The “New South Bound Policy” serves as Taiwan’s economic grand strategy in countering Chinese economic dominance by redirecting trade and investment to Southeast Asian countries and Western countries. As indicated by the Bureau of Foreign Trade, in 2019, the bilateral trade between Taiwan and ASEAN countries increased substantially from 1.5% in 2018 to over 12.1% in 2019. The EU and the United States have also become crucial economic partners. By lowering the visa requirements for ASEAN countries, promoting education exchange, tourism, and special loans to Taiwan’s companies, Taiwan has successfully mitigated the losses from Chinese sanctions.
Upgrading Economic Structure
Apart from trade policies, Taiwan also announced a “5+2” innovative industries plan. Contrary to Made in China 2025, the “5+2” is more “people-centric.” Five flagship programs are stipulated in the plan: innovation industries; medical cooperation; policy forums, and youth exchanges; regional agriculture; and talent cultivation. Since the plan was implemented in 2017, Internet giants such as Google, Microsoft, Amazon, and Oath, have established research centers and expanded scopes of investment. The green energy industry is another booming industry in Taiwan. With a fully developed supply chain ranging from materials, components, wind farm designs, operations, and maintenance, companies such as MHI Vesta, Siemens Gamesa, and Orsted have cooperated with Taiwan’s companies to build offshore wind farms. The plan also promotes overseas cooperation. Through this plan, Taiwan and India have deepened economic cooperation, in which Taiwan’s educated industrial talents work in India to advance India’s semiconductor and smartphone design.
Apart from “people-centric” policies, Taiwan also upgrades its infrastructure program to increase its economic resilience in facing China’s economic statecraft. These policies aim to further transform Taiwan’s industrial base from low value-added manufacturing to high value-added sectors such as clean energy, biotechnology, and the Internet of things, by funding and building core infrastructure in the next 30 years. All three programs are essential parts of Taiwan’s economic statecraft in building an economy that relies less on the Chinese economy, and consequently, lowering Taiwan’s vulnerability to Chinese economic sanctions.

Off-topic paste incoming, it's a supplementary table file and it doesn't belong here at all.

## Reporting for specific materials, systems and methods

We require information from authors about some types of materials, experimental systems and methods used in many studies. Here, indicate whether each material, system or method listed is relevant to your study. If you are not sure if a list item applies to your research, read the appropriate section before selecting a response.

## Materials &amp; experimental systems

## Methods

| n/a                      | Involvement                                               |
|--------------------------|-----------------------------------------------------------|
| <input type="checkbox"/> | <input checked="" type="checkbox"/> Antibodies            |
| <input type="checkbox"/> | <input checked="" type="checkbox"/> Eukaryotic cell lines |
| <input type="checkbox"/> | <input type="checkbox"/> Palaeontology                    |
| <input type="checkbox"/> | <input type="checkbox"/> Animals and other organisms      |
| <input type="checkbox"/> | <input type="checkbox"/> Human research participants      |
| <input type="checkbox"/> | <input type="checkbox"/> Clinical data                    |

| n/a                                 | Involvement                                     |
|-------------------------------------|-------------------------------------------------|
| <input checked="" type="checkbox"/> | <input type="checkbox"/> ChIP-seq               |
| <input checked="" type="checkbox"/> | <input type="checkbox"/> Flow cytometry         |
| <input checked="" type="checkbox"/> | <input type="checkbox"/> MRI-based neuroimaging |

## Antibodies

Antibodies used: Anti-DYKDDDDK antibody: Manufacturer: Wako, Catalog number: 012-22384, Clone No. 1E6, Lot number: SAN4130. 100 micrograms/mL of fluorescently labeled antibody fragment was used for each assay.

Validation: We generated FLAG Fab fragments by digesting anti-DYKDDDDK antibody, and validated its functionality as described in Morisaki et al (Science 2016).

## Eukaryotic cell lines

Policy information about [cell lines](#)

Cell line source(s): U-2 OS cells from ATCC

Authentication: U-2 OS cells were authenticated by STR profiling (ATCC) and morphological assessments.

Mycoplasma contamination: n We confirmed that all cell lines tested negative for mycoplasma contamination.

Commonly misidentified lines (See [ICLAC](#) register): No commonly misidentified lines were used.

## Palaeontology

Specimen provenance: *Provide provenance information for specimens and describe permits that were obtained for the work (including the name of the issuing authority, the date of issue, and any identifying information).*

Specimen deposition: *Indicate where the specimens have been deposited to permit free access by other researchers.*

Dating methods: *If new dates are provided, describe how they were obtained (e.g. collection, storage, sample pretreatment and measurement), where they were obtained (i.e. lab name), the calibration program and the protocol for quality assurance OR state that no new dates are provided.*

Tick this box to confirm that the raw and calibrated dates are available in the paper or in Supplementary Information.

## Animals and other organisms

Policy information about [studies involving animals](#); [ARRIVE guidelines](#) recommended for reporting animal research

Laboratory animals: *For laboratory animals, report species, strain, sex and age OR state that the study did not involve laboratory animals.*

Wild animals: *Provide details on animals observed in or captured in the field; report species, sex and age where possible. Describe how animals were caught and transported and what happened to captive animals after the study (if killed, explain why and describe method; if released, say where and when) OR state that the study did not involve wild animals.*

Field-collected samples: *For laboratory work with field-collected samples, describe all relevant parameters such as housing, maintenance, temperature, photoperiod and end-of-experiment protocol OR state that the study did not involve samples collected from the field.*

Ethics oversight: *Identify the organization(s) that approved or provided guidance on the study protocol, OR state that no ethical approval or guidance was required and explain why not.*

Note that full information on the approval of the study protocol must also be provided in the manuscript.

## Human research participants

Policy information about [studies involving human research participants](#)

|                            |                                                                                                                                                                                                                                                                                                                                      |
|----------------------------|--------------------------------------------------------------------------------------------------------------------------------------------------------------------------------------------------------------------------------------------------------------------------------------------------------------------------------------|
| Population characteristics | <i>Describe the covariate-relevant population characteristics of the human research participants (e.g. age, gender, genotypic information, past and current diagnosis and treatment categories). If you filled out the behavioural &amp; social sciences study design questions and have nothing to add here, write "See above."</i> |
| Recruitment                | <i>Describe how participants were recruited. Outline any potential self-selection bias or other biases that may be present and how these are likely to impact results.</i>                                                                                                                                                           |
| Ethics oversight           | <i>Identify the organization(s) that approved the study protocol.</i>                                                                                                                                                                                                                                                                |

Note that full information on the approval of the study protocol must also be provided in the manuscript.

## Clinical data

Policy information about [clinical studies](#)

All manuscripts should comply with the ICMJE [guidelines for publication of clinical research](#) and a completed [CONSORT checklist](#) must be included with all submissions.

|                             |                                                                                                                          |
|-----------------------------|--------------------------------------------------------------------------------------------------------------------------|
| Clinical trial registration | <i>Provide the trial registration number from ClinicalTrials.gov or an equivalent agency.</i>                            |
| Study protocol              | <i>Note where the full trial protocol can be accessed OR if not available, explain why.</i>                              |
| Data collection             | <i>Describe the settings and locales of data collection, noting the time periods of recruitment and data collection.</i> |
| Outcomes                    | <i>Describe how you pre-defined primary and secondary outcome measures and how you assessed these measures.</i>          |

In short, China’s economic statecraft poses a threat to Taiwan’s economy. However, it is also an opportunity for Taiwan. On one side of the coin, Chinese sanctions inflict substantial damage to Taiwan’s economy. On the other side of the coin, the sanction exposes the vulnerability and fragility of Taiwan’s economy and prompts the Taiwanese government to undertake a structural change in countering such threats.
China’s rapidly stretching global economic presence, notably when partnered with economic coercion, may exacerbate strategic fear and doubt across the globe. Although large countries may enjoy the capacity and autonomy to stand up and counter Chinese influence, smaller countries are in struggles. This article focuses on Taiwan, a small country at the forefront of Chinese economic statecraft, and how Taiwan utilizes its economic statecraft to respond to the challenges. This research may carry policy implications to Asia-Pacific countries that hope to access the Chinese market but are not willing to sacrifice their economic autonomy. Specifically, Taiwan’s case indicates that China’s economic statecraft may be less effective when states respond actively and divert the pressure from within.
Image Source: Unsplash